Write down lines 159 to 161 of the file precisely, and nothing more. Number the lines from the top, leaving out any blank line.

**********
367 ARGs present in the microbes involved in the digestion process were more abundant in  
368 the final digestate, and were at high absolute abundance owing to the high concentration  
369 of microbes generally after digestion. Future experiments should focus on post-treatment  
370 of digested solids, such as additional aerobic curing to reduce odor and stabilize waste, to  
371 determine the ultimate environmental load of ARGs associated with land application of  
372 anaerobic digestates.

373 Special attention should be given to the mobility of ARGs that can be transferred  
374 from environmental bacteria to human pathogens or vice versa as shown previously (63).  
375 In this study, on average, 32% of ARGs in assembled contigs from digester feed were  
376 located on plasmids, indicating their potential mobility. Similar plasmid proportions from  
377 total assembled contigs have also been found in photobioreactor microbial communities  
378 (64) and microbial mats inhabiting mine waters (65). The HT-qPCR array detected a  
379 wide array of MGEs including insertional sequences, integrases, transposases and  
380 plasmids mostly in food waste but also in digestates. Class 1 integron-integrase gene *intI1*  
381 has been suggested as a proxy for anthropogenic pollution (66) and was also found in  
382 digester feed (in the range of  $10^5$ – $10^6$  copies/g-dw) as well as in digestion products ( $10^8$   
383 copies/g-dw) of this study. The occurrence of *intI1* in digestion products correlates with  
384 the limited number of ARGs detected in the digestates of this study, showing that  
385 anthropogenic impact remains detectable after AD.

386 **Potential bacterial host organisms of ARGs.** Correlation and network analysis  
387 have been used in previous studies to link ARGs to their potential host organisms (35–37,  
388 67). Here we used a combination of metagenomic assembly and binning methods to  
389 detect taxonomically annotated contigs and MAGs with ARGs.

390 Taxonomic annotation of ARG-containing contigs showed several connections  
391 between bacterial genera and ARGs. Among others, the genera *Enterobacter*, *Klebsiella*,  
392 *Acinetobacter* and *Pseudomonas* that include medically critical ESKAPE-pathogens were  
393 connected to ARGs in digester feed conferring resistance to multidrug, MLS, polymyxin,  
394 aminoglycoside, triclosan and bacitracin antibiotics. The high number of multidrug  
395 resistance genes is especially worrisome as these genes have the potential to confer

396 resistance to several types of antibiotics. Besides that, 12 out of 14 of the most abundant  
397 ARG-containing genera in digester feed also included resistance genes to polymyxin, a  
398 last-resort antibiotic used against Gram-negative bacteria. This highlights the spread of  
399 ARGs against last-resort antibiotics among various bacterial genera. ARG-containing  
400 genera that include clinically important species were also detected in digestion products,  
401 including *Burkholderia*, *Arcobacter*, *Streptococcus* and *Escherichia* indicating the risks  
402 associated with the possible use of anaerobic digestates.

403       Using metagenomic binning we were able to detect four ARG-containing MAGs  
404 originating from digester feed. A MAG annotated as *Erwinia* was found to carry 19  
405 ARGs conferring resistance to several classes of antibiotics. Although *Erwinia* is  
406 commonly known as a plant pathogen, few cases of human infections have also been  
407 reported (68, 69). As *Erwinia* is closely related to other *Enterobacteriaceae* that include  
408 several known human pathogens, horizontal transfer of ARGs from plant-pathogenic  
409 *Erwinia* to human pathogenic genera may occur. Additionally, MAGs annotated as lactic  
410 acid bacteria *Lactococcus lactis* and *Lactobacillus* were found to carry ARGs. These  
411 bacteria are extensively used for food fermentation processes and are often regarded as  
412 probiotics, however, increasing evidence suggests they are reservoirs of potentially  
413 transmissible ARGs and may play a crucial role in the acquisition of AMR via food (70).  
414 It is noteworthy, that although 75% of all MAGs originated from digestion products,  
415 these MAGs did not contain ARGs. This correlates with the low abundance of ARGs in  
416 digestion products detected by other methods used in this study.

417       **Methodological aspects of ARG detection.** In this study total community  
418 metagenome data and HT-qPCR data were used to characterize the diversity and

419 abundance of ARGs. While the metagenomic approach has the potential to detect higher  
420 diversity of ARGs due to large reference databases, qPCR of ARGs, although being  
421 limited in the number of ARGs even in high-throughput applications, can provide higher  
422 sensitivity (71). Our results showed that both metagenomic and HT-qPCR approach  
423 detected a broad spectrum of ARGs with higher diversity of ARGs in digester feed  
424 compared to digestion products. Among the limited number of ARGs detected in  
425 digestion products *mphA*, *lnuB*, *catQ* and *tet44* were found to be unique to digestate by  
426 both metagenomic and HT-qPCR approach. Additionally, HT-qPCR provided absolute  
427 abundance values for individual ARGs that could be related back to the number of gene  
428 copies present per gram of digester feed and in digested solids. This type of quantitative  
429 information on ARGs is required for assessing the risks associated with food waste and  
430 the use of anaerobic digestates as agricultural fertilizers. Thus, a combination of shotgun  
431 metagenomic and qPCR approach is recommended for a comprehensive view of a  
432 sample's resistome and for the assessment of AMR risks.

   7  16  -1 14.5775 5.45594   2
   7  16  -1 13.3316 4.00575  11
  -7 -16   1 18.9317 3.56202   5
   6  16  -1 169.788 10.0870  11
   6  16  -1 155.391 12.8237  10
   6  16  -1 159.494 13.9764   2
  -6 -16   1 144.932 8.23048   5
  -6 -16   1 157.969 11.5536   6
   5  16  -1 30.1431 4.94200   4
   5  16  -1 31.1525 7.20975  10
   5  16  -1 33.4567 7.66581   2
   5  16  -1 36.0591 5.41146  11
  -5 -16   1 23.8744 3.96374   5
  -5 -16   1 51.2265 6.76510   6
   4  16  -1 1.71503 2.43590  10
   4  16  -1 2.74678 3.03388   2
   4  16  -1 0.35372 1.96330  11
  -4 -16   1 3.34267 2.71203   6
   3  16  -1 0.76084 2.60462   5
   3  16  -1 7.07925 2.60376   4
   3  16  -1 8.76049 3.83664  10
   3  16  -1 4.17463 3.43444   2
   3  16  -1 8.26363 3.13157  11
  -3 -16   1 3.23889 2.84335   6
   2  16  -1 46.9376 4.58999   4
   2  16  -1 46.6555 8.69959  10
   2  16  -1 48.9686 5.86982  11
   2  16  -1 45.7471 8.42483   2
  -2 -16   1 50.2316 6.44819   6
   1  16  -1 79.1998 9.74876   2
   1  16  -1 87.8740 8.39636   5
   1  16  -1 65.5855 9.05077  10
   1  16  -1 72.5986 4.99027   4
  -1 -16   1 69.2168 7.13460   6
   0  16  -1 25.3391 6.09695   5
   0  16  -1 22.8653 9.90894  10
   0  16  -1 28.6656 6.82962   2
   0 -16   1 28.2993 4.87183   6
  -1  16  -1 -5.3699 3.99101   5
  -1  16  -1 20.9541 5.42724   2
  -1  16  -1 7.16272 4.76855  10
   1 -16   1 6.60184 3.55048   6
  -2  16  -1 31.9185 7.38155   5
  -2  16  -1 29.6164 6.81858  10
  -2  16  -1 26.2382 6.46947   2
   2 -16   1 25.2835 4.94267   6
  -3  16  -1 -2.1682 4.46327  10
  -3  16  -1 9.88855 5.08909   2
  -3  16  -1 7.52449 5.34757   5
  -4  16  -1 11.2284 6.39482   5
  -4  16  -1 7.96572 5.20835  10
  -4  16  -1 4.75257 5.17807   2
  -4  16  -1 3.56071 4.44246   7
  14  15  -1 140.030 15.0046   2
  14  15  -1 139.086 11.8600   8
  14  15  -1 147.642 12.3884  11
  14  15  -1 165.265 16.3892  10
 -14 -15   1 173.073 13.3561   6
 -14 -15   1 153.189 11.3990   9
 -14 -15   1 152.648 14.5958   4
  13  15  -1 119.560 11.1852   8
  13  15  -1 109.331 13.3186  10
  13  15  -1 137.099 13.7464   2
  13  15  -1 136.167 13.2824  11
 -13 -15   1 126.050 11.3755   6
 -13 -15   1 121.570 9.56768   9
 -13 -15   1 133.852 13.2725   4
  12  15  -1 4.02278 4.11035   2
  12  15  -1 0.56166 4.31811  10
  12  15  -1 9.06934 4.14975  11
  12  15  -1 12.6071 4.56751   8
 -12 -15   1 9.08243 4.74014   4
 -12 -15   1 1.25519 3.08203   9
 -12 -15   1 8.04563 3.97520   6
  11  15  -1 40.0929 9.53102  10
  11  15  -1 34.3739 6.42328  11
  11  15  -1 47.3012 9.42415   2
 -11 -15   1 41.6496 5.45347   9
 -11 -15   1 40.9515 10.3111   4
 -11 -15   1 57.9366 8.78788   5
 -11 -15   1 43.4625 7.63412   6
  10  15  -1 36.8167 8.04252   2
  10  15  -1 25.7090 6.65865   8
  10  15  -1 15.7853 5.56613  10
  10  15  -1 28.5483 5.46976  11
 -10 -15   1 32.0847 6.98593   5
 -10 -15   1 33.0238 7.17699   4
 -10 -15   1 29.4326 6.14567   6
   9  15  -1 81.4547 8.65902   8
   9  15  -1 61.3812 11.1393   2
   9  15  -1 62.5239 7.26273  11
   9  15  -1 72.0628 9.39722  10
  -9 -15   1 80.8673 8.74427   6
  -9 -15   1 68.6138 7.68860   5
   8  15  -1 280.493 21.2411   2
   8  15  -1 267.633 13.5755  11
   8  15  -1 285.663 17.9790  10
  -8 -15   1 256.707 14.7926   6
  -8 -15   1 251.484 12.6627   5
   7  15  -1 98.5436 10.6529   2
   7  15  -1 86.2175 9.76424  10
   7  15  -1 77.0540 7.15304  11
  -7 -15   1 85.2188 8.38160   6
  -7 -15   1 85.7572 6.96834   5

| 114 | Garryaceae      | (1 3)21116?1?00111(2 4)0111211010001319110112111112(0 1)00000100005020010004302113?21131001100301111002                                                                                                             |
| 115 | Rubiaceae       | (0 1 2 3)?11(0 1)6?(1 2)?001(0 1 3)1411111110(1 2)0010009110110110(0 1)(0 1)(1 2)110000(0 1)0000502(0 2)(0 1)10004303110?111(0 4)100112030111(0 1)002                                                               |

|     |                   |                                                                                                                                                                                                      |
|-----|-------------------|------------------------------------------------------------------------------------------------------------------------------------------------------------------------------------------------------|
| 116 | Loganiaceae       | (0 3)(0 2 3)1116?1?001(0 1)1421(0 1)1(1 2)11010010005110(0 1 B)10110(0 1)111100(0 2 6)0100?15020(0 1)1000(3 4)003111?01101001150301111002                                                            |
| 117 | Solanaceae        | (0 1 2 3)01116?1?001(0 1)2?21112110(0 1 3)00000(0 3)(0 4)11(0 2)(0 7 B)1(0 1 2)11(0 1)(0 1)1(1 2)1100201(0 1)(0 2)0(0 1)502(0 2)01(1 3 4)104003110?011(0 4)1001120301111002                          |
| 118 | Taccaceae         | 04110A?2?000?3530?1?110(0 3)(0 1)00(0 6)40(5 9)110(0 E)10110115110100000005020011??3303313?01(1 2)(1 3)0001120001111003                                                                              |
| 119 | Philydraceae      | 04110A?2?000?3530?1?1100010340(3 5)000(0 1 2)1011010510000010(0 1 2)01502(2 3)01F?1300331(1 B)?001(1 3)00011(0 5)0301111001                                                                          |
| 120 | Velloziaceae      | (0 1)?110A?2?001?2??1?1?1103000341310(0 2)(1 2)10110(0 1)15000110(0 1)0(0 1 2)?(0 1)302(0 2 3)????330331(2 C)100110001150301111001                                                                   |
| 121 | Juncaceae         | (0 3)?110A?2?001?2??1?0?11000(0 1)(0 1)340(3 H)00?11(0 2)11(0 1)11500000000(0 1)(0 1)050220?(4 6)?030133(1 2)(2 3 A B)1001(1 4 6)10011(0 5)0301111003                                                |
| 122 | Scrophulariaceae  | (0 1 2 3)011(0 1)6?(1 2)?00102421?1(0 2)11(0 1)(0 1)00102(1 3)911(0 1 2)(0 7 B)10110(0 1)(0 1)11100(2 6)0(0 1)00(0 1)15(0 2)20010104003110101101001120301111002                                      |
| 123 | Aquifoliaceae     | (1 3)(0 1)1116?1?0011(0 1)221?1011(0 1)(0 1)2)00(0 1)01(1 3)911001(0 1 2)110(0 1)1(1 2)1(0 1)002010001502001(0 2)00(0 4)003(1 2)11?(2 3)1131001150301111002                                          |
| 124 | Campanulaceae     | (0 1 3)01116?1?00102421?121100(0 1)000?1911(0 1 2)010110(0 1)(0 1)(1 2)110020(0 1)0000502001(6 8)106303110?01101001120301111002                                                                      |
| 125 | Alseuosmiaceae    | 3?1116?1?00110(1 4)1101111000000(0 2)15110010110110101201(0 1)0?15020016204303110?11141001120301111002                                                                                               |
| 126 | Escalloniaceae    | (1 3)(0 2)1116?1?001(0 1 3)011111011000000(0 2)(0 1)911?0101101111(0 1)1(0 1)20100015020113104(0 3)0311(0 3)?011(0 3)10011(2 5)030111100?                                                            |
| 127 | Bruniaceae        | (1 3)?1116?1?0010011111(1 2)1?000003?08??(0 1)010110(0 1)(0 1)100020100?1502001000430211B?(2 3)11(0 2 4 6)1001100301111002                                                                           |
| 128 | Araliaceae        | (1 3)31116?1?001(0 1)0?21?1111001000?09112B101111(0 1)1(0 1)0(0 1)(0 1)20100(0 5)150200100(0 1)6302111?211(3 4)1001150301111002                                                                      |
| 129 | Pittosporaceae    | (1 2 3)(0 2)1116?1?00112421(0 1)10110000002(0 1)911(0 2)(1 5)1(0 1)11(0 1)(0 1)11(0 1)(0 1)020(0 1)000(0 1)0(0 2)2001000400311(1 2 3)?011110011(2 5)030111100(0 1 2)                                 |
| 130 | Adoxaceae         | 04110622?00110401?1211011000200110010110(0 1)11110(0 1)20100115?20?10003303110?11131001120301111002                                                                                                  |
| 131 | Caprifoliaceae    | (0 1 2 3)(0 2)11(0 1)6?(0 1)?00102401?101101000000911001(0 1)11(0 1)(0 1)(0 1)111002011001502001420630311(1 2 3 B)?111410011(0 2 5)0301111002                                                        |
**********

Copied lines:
  -9 -15   1 80.8673 8.74427   6
  -9 -15   1 68.6138 7.68860   5
   8  15  -1 280.493 21.2411   2